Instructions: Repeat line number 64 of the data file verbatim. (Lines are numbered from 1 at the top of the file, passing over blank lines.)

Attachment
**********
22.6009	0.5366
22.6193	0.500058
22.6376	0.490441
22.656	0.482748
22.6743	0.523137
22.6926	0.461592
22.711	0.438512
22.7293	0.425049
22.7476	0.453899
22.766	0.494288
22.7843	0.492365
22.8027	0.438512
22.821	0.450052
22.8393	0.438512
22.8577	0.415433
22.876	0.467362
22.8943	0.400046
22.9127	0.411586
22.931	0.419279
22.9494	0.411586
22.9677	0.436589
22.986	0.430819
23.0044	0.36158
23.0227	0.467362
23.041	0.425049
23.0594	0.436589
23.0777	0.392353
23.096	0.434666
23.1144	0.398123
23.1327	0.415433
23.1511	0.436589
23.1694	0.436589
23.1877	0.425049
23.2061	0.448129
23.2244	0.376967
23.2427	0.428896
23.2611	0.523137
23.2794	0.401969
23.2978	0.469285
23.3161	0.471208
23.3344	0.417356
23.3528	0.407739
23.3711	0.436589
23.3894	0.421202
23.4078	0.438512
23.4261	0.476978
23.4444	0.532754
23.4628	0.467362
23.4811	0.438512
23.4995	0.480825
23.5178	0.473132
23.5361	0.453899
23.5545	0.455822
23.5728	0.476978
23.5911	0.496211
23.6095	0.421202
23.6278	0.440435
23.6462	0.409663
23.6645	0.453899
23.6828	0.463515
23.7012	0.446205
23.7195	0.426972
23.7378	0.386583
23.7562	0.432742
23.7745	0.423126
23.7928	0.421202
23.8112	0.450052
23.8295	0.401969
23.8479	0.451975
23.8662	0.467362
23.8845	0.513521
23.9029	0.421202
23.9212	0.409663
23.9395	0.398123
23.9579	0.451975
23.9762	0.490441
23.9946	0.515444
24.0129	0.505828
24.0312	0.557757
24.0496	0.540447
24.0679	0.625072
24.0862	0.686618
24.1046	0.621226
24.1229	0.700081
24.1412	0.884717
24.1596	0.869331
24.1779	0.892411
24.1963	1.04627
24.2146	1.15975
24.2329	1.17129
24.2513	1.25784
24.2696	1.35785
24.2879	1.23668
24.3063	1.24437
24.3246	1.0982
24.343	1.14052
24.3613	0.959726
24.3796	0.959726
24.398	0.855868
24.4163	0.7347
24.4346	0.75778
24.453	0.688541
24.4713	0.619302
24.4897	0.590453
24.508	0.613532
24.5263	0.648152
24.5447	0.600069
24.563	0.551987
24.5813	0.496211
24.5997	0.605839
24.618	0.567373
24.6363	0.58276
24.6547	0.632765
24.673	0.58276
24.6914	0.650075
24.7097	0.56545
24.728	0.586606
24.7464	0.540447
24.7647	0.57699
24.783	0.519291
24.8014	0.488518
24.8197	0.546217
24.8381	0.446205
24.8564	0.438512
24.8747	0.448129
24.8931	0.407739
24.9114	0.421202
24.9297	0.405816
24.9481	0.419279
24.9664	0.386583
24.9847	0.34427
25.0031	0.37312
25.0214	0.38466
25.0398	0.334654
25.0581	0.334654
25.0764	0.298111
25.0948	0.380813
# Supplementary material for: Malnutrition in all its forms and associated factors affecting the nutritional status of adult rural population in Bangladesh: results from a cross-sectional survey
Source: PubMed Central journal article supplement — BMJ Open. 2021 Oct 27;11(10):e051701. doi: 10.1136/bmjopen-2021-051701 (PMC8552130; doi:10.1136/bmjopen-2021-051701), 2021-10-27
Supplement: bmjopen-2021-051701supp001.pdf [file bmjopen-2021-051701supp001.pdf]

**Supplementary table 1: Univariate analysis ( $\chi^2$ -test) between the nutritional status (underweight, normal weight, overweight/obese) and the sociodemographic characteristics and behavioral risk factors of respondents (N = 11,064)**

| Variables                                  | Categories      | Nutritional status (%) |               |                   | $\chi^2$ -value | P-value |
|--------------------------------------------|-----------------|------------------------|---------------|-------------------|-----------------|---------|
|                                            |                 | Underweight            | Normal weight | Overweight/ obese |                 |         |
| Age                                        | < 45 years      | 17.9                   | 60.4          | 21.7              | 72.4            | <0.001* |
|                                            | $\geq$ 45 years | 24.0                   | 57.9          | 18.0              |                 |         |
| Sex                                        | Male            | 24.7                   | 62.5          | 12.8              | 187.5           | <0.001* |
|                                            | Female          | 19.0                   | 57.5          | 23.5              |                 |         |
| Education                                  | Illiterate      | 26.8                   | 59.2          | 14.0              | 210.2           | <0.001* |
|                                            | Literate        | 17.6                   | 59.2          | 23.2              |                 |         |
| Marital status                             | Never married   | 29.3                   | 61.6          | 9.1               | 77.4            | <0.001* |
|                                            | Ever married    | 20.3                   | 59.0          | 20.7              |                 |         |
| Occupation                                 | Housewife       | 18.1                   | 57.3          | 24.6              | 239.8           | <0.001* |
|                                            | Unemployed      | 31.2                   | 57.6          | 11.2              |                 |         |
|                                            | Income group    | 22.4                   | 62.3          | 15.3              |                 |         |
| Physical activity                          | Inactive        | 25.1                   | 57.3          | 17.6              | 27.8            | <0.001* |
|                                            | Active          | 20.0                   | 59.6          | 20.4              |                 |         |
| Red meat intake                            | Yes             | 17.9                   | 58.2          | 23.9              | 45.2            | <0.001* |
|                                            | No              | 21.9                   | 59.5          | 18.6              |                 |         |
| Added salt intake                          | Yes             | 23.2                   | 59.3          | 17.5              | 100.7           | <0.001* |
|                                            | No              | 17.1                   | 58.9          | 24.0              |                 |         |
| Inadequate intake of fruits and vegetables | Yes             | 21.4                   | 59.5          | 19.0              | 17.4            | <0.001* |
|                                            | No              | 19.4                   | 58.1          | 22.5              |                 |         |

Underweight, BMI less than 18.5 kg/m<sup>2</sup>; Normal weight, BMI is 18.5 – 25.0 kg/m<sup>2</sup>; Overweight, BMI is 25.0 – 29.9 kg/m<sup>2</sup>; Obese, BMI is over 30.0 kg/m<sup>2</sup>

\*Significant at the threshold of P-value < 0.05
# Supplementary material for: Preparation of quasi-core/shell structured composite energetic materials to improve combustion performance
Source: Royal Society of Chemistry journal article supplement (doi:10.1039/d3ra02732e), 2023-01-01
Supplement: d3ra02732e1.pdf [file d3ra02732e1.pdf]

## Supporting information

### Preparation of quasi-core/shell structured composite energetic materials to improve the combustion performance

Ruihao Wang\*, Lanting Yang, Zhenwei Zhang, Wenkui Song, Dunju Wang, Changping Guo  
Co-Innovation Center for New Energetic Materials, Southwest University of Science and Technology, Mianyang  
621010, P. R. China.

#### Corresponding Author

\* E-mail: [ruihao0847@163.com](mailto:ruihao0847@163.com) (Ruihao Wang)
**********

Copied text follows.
23.7562	0.432742